Now, the hunt for Osama bin Laden, I think that thatís a red herring in a lot of ways. I actually donít think that Osama -- this is a personal opinion based on some evidence, but a lot of deduction also -- I don't think the guy was ever in Pakistan after 9/11 or on the Afghan/Pakistani border. I think, you know, youíre going to rob a bank, are you going to hang around on the street corner for the cops to arrive?

AMY GOODMAN: Youíre saying heís not in Pakistan?

SARAH CHAYES: Correct. Neither Pakistan nor eastern Afghanistan. I suspect that he left Afghanistan very early on, perhaps even before 9/11. And so, the whole -- all of this focus on the eastern mountains -- there may be other al-Qaeda operatives who were there -- but I donít believe that Osama bin Laden is there, and I donít believe that Pakistan is protecting him, because I have seen Pakistan be very forthcoming with al-Qaeda operatives. What theyíre not forthcoming with is the Taliban leadership, which is not sitting around in caves or in Waziristan or in secret places. Itís sitting around in Quetta and Balochistan, the capital of a province.

AMY GOODMAN: Before we end, Sarah Chayes, you left journalism, and now youíre with an aid organization. Tell us what youíre doing now? We have less than a minute.

SARAH CHAYES: Right. Itís not an aid organization. I left that aid organization. Iím now running a cooperative called Arghand -- thatís A-R-G-H-A-N-D -- and we make high-quality skin-care products, which you can buy in the United States and Canada using licit local agriculture.

AMY GOODMAN: Why are you doing this?

SARAH CHAYES: Itís way of trying to combat opium-growing. In other words, the best way to make it possible for people not to plant poppy is for them to be able to make money growing other things.

AMY GOODMAN: And your choice to do this?

SARAH CHAYES: Itís about grassroots. Itís about building democracy on whatever level you can in a cooperative, where there are good relations with producers, where thereís a collective decision-making process, and where we can honor a lot of the traditional licit crops that Kandahar has been known for for millennia. Sems like a worthwhile thing to be involved in.

AMY GOODMAN: Sarah Chayes, former NPR correspondent, left NPR in 2002, is now working with a soap collective in Kandahar, and we will link to that website on democracynow.org. Thanks for joining us.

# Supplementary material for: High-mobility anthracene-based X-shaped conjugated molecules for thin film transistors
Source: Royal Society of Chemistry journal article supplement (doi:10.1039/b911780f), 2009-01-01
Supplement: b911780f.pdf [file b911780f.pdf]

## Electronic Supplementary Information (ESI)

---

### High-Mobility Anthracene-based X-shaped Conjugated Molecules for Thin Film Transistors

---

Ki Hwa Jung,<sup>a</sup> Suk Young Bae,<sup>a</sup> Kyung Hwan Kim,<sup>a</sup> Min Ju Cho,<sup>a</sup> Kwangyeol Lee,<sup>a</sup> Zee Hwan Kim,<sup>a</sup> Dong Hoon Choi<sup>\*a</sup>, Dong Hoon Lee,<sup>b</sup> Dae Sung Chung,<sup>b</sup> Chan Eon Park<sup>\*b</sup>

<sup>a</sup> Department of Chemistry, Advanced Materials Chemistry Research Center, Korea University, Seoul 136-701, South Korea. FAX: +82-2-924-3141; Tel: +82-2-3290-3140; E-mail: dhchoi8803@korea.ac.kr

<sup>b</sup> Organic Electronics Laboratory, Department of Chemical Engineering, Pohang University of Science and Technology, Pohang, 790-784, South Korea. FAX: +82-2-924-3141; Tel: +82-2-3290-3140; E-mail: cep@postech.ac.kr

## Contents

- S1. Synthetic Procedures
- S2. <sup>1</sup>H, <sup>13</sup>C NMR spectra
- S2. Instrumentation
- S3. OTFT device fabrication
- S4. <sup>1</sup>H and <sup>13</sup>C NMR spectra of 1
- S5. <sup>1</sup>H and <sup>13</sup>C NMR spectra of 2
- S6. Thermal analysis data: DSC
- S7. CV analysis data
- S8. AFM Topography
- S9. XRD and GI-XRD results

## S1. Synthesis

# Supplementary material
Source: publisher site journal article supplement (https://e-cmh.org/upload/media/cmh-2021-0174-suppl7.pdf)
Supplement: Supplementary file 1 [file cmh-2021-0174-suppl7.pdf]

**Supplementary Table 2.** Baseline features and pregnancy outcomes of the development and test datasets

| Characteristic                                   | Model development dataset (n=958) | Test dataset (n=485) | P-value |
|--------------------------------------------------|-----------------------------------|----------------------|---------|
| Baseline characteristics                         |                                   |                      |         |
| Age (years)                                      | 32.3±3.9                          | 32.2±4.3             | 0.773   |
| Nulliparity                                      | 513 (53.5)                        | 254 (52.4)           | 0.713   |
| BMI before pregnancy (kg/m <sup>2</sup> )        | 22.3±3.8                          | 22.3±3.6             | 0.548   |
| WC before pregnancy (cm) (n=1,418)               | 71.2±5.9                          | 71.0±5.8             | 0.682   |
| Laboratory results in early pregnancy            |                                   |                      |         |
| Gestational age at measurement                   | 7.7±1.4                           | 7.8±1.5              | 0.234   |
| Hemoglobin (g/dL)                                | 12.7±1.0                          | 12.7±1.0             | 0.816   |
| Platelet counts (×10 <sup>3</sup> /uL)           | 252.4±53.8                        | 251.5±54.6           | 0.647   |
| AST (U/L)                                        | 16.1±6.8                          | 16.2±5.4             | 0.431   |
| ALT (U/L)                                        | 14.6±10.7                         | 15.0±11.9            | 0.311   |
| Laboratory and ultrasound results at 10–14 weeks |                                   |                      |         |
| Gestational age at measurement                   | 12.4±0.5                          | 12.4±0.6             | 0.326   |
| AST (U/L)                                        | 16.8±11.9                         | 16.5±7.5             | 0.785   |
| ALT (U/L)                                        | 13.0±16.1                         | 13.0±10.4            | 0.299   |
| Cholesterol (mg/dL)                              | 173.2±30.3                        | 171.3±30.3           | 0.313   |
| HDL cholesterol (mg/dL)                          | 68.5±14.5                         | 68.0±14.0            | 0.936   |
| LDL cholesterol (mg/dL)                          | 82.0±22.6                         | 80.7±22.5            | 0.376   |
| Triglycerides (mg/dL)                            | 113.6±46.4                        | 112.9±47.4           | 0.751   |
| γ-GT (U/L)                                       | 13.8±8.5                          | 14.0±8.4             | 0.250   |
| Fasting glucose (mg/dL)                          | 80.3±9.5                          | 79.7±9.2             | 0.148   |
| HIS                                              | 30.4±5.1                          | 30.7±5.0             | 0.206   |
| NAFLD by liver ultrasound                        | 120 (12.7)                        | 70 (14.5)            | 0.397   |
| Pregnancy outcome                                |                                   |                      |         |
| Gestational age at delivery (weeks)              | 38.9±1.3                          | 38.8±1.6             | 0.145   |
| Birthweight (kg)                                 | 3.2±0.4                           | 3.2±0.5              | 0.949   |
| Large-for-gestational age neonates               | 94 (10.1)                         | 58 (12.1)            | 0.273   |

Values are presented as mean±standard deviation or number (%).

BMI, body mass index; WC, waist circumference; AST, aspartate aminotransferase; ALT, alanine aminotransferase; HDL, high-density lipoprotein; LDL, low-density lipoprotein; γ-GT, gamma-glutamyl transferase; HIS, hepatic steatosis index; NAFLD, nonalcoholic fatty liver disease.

SARAH CHAYES: Thanks for having me.

When this story was posted in October 2006, this was on the front page of PCOL:

Contact PCOLBulletin BoardRegisterSearch PCOLWhat's New?

Peace Corps Online The Independent News Forum serving Returned Peace Corps Volunteers
Harris Wofford to speak at "PC History" series Date: October 26 2006 No: 1011 Harris Wofford to speak at "PC History" series
Senator Harris Wofford will be the speaker at the 4th Annual "Peace Corps History" series on November 16 sponsored by the University of Maryland at Baltimore County (UMBC) and the Maryland Returned Volunteers. Previous speakers in the series have included Jack Vaughn (Second Director of the Peace Corps), Scott Stossel (Biographer of Sargent Shriver), and C. Payne Lucas (President Emeritus of Africare). Details on the time and location of the event are available here.

Top Stories and Breaking News PCOL Magazine Peace Corps Library RPCV Directory Sign Up

Election 2006: Top Races for RPCVs Date: October 22 2006 No: 1002 Election 2006: Top Races for RPCVs
Congressman Chris Shays in Connecticut
Shays not afraid to differ with Bush 21 Oct
Maybe it's time for Shays to depart 29 Sep
Shays says US should have gone into Iraq sooner 20 Oct
Shays slams National Republican Committee 13 Oct
Shays says Abu Ghraib more pornography than torture 14 Oct
Chris Shays calls for Rumsfeld to resign 4 Oct
Shays says his faith has been shaken 15 Sep

Governor Jim Doyle in Wisconsin
Doyle started with service in Peace Corps 8 Oct
Margaret Krome writes: Doyle helps Wisconsin 27 Sep
Doyle has a slight edge in the polls 20 Oct

Kinky Friedman in Texas - Candidate for Governor
Kinky Friedmanósinger, writer, governor? 31 Aug
Friedman No. 2 in polls as election day nears 16 Oct
"I want to be your good shepherd" 12 Sep

Congressman Jim Walsh in New York
Walsh facing his first serious challenge in a decade 11 Oct
Walsh points with pride to his earmarks 27 Sep

Congressman Sam Farr in California
Sam Farr and the case of the missing opponent 16 Oct

John Garamendi in California - Candidate for Lt. Governor
Garamendi best for lieutenant governor 13 Oct

John Kefalas in Colorado - Candidate for State House
John Kefalas is waging a determined campaign 3 Oct